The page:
Since recently discovering there is now an official Kali Linux docker image, I’ve been fiddling with it and tweaking my own setup to get it to how I like it for the things I use it for. I have a work version and a personal version. What follows is my personal version, used mostly for R&D, CTF challenges, and bug hunting in my free time.
My Kali Dockerfile (for Mac)
# The Kali linux base image
# Update all the things, then install my personal faves
RUN apt-get update && apt-get upgrade -y && apt-get dist-upgrade -y && apt-get install -y \
# Create known_hosts for git cloning things I want
RUN mkdir /root/.ssh
RUN touch /root/.ssh/known_hosts
# Add host keys
RUN ssh-keyscan bitbucket.org >> /root/.ssh/known_hosts
RUN ssh-keyscan github.com >> /root/.ssh/known_hosts
# Clone git repos
RUN git clone https://github.com/danielmiessler/SecLists.git /opt/seclists
RUN git clone https://github.com/PowerShellMafia/PowerSploit.git /opt/powersploit
RUN git clone https://github.com/hashcat/hashcat /opt/hashcat
RUN git clone https://github.com/rebootuser/LinEnum /opt/linenum
RUN git clone https://github.com/maurosoria/dirsearch /opt/dirsearch
RUN git clone https://github.com/sdushantha/sherlock.git /opt/sherlock
# Other installs of things I need
RUN apt-get install -y \
RUN pip install pwntools
# Update ENV
# Set entrypoint and working directory (Mac specific)
# Expose ports 80 and 443
EXPOSE 80/tcp 443/tcp
I have obtained a standard user account on Windows. Now what?
This is a common question I see people inquire about frequently on the Discord/Slack/Mattermost servers I hang out on. This includes people working on CTF exercises (Hack the Box), OSCP/PWK studies, and just pentesting in general. The answer, of course, is that you need to enumerate the system and find a way to become Admin.
The methodology for how you actually do this depends on a lot, all depending on your specific environment and circumstances.
Windows Privilege Escalation to the Rescue
Here are some useful resources on what to do next in your given situation, after you have succesfully exploited your way onto a Windows box, but before you have the system administrator role. I collected these links, snippets, and exploits during my OSCP studies, saving them in this massive OneNote notebook. Rather than letting them sit there where no one but me can access them, I thought I’d share.
Some of these get pretty detailed, and some of them have links to yet even more resources on this topic.
Have fun…this rabbit hole runs deep!
Updated 11.11.18: A new resource I came across that looks pretty awesome:
For the past 10 months, I have been entrenched in studying to pass the OSCP exam — a goal that, one year ago, I thought was a distant dream.
What the heck is OSCP? This is from the OffSec description:
The Offensive Security Certified Professional (OSCP) is … the world’s first completely hands-on offensive information security certification. The OSCP challenges the students to prove they have a clear and practical understanding of the penetration testing process and life-cycle through an arduous twenty-four (24) hour certification exam.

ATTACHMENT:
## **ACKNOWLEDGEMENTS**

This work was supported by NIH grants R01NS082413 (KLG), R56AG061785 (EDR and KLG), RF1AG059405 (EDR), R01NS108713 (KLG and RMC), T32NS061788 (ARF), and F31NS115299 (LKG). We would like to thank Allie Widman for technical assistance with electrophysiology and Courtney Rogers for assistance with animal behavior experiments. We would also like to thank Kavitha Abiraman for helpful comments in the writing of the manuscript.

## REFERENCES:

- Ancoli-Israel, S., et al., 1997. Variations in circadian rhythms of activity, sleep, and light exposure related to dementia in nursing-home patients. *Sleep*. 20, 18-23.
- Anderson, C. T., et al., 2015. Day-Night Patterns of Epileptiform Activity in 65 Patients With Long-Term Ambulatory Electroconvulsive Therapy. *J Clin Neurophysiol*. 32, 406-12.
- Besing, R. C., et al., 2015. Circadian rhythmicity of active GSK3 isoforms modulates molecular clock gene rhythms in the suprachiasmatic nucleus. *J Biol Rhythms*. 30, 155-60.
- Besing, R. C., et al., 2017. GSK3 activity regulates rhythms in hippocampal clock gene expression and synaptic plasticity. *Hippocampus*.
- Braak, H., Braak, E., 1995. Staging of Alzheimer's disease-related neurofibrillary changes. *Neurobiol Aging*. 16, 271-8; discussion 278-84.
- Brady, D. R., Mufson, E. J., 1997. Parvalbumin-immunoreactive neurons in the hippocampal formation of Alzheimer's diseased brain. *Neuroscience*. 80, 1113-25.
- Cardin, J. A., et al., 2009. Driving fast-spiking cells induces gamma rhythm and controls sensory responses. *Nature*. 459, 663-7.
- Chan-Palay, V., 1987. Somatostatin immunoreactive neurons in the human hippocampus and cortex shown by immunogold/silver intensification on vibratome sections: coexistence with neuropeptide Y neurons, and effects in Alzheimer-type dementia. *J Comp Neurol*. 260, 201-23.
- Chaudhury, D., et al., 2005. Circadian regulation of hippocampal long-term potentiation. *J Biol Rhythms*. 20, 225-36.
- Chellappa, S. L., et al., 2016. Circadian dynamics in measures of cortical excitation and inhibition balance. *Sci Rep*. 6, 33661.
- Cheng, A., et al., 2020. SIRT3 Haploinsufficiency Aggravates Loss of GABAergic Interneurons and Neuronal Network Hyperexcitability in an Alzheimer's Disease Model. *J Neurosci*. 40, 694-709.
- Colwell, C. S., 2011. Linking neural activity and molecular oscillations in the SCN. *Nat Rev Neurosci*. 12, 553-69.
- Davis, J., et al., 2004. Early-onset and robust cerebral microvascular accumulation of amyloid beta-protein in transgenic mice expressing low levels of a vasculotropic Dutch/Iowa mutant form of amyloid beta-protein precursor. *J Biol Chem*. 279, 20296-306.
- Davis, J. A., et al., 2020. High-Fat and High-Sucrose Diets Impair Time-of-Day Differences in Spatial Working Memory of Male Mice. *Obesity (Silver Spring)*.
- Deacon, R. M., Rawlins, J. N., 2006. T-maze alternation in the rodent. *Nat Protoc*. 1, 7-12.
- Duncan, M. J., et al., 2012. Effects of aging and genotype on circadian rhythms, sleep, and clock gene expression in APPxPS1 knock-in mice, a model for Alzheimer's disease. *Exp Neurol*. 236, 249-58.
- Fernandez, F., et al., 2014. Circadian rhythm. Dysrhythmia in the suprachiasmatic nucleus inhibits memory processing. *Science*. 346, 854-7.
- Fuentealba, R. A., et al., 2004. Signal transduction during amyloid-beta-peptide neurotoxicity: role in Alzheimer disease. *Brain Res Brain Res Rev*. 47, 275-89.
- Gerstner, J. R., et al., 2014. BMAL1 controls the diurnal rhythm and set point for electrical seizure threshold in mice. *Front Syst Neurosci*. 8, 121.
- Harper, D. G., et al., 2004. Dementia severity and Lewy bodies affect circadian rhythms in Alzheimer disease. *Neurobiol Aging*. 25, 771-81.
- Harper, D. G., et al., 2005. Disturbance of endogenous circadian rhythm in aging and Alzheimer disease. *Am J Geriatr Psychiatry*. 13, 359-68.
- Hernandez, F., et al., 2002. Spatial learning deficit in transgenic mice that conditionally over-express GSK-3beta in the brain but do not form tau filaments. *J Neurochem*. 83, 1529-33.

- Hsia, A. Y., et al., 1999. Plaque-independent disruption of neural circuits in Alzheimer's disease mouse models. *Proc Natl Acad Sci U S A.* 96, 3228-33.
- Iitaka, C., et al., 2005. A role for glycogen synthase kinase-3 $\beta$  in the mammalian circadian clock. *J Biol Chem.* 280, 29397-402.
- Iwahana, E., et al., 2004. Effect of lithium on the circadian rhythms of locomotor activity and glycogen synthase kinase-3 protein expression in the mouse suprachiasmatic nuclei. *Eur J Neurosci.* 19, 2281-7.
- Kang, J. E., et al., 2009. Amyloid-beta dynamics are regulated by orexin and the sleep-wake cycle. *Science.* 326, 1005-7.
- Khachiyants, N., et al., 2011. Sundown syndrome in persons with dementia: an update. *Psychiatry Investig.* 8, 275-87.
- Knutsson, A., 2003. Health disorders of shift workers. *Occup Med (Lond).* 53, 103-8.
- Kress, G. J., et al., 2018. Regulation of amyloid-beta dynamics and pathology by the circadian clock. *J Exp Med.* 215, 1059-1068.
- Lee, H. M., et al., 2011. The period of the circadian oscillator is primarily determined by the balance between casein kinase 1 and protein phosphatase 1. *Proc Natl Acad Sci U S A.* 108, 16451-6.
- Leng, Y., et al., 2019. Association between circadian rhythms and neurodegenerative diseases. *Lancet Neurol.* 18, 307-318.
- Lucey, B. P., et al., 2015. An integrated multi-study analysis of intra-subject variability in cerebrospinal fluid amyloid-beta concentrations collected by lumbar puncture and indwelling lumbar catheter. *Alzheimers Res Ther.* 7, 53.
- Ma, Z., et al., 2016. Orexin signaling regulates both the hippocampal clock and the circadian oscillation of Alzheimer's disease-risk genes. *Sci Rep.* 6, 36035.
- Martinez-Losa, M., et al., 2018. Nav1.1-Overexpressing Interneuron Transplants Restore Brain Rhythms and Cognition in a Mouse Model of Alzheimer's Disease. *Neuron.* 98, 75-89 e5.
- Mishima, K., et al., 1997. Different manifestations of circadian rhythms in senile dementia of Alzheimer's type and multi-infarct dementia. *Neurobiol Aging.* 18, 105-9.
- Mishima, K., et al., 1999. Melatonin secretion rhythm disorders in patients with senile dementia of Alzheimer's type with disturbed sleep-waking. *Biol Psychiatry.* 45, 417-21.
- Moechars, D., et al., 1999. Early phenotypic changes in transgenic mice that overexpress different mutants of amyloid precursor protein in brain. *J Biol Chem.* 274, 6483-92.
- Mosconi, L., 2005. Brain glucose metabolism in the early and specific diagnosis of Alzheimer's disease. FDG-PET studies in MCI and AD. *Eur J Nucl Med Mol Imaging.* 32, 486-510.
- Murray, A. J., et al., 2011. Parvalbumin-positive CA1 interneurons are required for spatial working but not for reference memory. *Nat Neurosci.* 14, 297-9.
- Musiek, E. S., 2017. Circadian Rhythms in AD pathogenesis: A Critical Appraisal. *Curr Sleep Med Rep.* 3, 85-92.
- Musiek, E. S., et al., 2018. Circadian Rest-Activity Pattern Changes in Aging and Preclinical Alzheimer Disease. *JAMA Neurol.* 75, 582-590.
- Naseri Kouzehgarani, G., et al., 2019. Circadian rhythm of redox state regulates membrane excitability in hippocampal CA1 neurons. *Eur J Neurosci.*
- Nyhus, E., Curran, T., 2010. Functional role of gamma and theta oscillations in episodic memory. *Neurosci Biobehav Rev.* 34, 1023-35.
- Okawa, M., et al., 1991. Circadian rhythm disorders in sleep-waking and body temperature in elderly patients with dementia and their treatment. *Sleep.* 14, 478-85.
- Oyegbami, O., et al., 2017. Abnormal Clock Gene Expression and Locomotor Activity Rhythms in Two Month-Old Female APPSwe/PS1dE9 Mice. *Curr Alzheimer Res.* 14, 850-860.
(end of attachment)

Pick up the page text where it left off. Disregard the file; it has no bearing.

An OSCP has demonstrated their ability to be presented with an unknown network, enumerate the targets within their scope, exploit them, and clearly document their results in a penetration test report.
In other words, it means you are pretty good at hacking into computers through various means.
I did 6 months of “pre-studying” by reading, researching, learning, and hacking away at vulnerable Virtual Machines offered by vulnhub.com. You may have seen some of my walk-through write-ups on this blog.
Three months ago, the Pentesting With Kali Linux (PWK) course began, which is the immersive, self-guided course offered by Offensive Security in preparation for the OSCP exam. This course consumed me, as it required a lot of time and effort to complete. If you are married and have kids, I cannot stress strongly enough the need to get their buy-in before you take this endeavor. You will not be available much during this process!
Not only do you need to get through the 375 page lessons and exercise workbook, you have to do the 8 hours of training videos that go with it. On top of that, you are given access to a virtual lab filled with 50+ computers for you to practice your hacking skills on.
The lab is designed to emulate a real-world corporation, and you are playing the role of the adversary, attempting to compromise your way into each and every machine you can find. In the end, you have to provide documentation of your efforts and successes as if you were a real-world security penetration testing professional hired to find the weaknesses in the company’s network and systems.
Needless to say, all of this takes a lot of time, effort, research, and patience. The oft-repeated mantra of the OSCP course is, “TRY HARDER!”
This past weekend, I took the exam. The exam is a grueling 48 hour test in which you are given 5 computers that you must hack into as far as you can within the first 24 hours. The second 24 hours is for writing up your reports and documenting your efforts with detailed, step-by-step instructions and screenshots on how you did what you did.
Sleep is optional. Sustenance is highly recommended.
I opted to start the exam at 3pm Friday, based on what I had read from others who have taken the test. This gave me enough time that day to gather my thoughts, my notes, and to practice buffer overflow attacks. More importantly, it gave me a chance to nap from about 2am to 5am, which proved to be a much-needed recharge for my brain.